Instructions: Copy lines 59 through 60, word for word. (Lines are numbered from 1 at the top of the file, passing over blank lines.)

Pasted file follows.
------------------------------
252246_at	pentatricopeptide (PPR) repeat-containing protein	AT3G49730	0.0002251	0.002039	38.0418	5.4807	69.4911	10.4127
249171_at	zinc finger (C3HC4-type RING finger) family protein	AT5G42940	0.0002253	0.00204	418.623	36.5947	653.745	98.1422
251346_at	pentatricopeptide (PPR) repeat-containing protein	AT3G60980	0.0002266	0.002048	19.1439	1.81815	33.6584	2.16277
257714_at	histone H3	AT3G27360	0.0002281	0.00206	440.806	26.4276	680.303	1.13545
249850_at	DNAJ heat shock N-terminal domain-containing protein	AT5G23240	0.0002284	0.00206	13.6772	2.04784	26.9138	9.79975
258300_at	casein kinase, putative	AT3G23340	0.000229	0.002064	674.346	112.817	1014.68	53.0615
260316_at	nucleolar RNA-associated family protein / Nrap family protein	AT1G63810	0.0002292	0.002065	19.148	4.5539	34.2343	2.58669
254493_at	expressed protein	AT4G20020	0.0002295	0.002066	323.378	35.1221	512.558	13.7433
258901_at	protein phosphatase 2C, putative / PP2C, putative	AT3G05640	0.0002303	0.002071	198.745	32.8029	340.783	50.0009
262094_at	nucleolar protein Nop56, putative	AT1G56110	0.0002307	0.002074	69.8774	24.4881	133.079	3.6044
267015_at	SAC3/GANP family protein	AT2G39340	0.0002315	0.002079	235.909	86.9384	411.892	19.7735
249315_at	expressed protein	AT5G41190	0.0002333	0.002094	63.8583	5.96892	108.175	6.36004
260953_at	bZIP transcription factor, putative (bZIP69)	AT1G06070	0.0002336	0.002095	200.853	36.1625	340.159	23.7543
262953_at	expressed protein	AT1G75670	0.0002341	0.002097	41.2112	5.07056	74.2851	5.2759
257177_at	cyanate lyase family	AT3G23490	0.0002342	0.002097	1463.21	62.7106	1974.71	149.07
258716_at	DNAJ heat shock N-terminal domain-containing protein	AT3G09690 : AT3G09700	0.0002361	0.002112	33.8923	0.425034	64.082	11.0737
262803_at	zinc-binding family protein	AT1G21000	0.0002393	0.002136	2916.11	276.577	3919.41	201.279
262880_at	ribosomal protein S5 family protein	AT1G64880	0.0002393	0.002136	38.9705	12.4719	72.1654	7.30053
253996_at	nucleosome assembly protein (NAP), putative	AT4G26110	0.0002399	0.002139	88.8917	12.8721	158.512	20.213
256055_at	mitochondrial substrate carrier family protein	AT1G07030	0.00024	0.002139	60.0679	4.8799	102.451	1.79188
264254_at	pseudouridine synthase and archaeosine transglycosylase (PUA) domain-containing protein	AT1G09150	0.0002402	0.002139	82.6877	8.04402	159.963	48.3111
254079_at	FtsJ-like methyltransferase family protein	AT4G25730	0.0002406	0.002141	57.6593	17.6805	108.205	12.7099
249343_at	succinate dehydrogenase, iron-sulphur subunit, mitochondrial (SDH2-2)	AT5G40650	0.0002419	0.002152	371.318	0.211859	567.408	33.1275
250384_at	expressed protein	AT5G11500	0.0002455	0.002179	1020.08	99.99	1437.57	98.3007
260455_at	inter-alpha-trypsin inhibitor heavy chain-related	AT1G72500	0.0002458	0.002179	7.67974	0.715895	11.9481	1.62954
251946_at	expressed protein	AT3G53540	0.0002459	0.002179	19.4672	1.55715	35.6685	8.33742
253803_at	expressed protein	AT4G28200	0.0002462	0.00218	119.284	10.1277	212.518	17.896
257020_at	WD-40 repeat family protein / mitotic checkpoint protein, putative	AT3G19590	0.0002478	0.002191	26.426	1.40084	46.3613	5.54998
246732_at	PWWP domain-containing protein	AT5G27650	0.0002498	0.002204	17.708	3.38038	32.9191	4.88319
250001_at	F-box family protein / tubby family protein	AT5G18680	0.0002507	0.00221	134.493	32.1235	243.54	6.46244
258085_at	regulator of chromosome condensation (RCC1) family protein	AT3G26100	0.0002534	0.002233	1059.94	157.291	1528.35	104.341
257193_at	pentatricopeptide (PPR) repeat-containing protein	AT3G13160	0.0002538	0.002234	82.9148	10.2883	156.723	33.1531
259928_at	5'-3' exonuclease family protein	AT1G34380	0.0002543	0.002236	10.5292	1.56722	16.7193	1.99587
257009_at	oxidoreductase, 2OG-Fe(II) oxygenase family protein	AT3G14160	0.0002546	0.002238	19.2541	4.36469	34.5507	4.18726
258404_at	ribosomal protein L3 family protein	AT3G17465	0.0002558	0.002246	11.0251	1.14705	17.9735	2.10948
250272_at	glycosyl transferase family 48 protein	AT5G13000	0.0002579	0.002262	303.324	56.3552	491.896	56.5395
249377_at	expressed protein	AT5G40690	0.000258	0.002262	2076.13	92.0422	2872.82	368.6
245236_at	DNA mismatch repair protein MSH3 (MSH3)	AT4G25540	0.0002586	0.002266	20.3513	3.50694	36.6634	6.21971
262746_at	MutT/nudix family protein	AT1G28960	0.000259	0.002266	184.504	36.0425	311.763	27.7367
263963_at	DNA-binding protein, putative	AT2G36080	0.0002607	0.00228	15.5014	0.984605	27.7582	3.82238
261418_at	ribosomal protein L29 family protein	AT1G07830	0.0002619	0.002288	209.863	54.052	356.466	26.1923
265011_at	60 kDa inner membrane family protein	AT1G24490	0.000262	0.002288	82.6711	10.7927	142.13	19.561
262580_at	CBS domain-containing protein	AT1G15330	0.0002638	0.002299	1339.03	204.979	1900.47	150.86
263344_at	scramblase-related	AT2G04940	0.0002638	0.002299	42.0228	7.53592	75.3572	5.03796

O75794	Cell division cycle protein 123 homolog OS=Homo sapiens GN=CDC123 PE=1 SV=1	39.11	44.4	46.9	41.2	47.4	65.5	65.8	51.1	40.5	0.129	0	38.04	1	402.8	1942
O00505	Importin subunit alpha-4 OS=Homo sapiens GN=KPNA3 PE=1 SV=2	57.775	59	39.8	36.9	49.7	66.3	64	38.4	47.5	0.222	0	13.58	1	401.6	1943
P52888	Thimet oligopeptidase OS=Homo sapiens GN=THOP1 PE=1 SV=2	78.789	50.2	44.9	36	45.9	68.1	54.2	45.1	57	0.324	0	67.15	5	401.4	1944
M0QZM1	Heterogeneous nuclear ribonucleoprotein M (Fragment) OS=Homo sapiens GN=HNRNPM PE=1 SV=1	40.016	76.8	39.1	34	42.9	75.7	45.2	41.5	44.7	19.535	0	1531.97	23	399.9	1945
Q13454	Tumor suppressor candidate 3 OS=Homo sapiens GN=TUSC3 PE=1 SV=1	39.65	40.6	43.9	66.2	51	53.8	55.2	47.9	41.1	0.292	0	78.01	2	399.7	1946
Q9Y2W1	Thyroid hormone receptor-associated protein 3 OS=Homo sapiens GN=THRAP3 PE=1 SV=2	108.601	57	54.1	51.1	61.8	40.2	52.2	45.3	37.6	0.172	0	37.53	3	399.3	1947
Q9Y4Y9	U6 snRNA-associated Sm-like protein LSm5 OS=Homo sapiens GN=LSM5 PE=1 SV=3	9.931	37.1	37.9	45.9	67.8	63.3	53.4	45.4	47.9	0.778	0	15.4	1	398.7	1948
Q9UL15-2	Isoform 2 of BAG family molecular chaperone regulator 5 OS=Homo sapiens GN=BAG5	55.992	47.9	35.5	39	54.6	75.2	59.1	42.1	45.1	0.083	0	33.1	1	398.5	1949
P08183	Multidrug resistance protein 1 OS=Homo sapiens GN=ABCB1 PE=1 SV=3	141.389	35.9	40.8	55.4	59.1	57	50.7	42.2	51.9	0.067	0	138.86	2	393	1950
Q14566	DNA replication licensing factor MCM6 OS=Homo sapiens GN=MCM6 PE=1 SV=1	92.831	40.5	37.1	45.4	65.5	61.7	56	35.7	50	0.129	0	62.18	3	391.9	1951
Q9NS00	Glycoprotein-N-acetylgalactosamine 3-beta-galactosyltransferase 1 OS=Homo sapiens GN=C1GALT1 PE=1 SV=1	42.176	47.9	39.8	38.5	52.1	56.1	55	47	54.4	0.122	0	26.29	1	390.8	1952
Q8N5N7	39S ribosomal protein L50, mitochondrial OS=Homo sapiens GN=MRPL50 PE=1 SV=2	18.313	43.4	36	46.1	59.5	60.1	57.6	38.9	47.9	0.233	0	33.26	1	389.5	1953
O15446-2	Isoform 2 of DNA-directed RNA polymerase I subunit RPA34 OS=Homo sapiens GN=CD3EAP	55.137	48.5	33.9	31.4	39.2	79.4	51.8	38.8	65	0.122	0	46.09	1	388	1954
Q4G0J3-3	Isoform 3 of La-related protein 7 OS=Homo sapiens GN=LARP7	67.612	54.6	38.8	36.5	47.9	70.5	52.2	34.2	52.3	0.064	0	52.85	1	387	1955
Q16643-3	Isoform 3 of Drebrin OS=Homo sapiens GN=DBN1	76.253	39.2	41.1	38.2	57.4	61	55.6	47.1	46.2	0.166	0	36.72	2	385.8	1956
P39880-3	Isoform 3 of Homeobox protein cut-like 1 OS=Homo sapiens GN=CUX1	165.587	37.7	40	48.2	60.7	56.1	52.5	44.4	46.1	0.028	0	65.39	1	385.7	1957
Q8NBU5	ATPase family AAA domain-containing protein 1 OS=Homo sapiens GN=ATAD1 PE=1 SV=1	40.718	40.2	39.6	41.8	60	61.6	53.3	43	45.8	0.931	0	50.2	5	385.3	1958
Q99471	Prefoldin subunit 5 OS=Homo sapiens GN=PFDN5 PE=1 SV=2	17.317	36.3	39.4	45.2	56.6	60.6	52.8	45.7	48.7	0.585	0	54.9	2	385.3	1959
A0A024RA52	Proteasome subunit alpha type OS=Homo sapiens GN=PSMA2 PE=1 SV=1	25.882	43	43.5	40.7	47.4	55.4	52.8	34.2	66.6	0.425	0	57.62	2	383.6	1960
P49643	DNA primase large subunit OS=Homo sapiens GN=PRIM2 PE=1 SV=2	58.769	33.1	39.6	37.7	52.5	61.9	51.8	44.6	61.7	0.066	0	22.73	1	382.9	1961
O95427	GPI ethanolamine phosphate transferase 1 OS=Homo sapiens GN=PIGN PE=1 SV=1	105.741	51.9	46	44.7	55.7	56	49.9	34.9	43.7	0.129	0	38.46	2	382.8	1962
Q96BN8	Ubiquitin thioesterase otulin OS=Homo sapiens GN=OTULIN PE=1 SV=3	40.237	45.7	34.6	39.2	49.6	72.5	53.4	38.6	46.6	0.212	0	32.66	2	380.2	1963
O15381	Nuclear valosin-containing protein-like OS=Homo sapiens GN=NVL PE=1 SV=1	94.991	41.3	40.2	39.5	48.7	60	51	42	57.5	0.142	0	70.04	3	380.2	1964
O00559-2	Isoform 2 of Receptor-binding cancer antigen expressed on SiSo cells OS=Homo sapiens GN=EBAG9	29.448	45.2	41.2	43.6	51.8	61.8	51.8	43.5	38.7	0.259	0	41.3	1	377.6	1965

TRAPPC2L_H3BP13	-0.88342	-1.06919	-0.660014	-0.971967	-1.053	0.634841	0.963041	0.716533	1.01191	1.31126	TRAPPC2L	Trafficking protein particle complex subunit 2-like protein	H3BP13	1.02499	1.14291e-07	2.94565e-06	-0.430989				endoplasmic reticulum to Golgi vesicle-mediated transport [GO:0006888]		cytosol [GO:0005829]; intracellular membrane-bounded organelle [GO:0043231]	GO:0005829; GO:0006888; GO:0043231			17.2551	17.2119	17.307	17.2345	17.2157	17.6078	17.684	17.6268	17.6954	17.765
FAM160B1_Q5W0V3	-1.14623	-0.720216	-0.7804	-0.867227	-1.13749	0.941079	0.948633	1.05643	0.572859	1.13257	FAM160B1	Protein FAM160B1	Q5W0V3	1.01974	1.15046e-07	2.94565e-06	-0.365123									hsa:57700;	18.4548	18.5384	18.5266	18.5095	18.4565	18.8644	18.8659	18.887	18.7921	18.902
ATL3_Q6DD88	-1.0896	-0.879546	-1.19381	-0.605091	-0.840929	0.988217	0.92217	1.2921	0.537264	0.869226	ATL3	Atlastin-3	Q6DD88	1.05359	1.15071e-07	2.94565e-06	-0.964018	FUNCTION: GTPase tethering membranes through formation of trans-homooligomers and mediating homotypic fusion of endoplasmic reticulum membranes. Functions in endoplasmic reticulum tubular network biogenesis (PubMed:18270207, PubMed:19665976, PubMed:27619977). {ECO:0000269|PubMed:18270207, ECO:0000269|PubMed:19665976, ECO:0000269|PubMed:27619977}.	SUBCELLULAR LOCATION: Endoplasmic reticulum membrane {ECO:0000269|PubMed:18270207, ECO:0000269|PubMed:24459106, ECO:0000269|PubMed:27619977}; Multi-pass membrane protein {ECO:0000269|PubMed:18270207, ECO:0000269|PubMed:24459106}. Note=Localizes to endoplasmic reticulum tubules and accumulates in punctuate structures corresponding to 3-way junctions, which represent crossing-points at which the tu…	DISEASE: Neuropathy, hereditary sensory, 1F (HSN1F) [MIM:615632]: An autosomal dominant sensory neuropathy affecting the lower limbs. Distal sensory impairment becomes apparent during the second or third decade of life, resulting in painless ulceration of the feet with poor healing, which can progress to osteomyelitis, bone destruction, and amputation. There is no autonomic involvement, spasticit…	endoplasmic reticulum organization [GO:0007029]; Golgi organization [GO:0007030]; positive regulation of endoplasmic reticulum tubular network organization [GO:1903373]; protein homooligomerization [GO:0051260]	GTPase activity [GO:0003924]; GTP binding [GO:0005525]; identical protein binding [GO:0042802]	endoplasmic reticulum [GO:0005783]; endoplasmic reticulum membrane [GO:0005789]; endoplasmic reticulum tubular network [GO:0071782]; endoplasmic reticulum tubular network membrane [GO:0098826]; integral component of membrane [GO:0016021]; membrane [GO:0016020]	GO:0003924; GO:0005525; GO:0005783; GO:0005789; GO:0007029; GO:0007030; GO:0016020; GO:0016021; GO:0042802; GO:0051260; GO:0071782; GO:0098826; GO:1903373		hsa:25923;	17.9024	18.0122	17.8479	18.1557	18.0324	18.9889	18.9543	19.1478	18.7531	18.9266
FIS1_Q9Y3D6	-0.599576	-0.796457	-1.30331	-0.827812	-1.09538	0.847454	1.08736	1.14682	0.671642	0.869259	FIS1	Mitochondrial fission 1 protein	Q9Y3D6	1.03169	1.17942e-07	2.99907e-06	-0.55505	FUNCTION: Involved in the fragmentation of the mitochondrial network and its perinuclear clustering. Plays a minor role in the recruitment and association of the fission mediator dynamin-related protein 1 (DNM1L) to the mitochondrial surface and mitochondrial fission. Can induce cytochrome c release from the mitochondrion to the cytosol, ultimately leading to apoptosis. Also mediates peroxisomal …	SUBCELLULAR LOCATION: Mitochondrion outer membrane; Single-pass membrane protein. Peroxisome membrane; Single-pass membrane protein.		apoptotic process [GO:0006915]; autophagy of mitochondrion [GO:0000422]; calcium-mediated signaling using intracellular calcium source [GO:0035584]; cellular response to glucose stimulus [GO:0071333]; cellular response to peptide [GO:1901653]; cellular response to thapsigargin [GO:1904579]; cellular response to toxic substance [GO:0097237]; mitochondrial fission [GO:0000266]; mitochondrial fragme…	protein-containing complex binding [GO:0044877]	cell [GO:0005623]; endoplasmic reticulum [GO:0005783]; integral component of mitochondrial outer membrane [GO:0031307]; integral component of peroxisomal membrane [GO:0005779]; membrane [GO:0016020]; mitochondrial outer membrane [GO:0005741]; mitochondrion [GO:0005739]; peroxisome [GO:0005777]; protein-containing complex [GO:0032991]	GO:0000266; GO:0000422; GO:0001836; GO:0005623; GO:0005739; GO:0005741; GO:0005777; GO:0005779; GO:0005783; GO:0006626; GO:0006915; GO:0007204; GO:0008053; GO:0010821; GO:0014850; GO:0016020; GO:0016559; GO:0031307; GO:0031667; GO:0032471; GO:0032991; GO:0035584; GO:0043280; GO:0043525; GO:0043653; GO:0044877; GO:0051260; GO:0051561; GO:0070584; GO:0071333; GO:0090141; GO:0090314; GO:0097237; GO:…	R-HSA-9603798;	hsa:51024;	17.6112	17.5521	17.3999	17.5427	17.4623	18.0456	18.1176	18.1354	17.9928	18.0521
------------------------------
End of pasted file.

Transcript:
Q16643-3	Isoform 3 of Drebrin OS=Homo sapiens GN=DBN1	76.253	39.2	41.1	38.2	57.4	61	55.6	47.1	46.2	0.166	0	36.72	2	385.8	1956
P39880-3	Isoform 3 of Homeobox protein cut-like 1 OS=Homo sapiens GN=CUX1	165.587	37.7	40	48.2	60.7	56.1	52.5	44.4	46.1	0.028	0	65.39	1	385.7	1957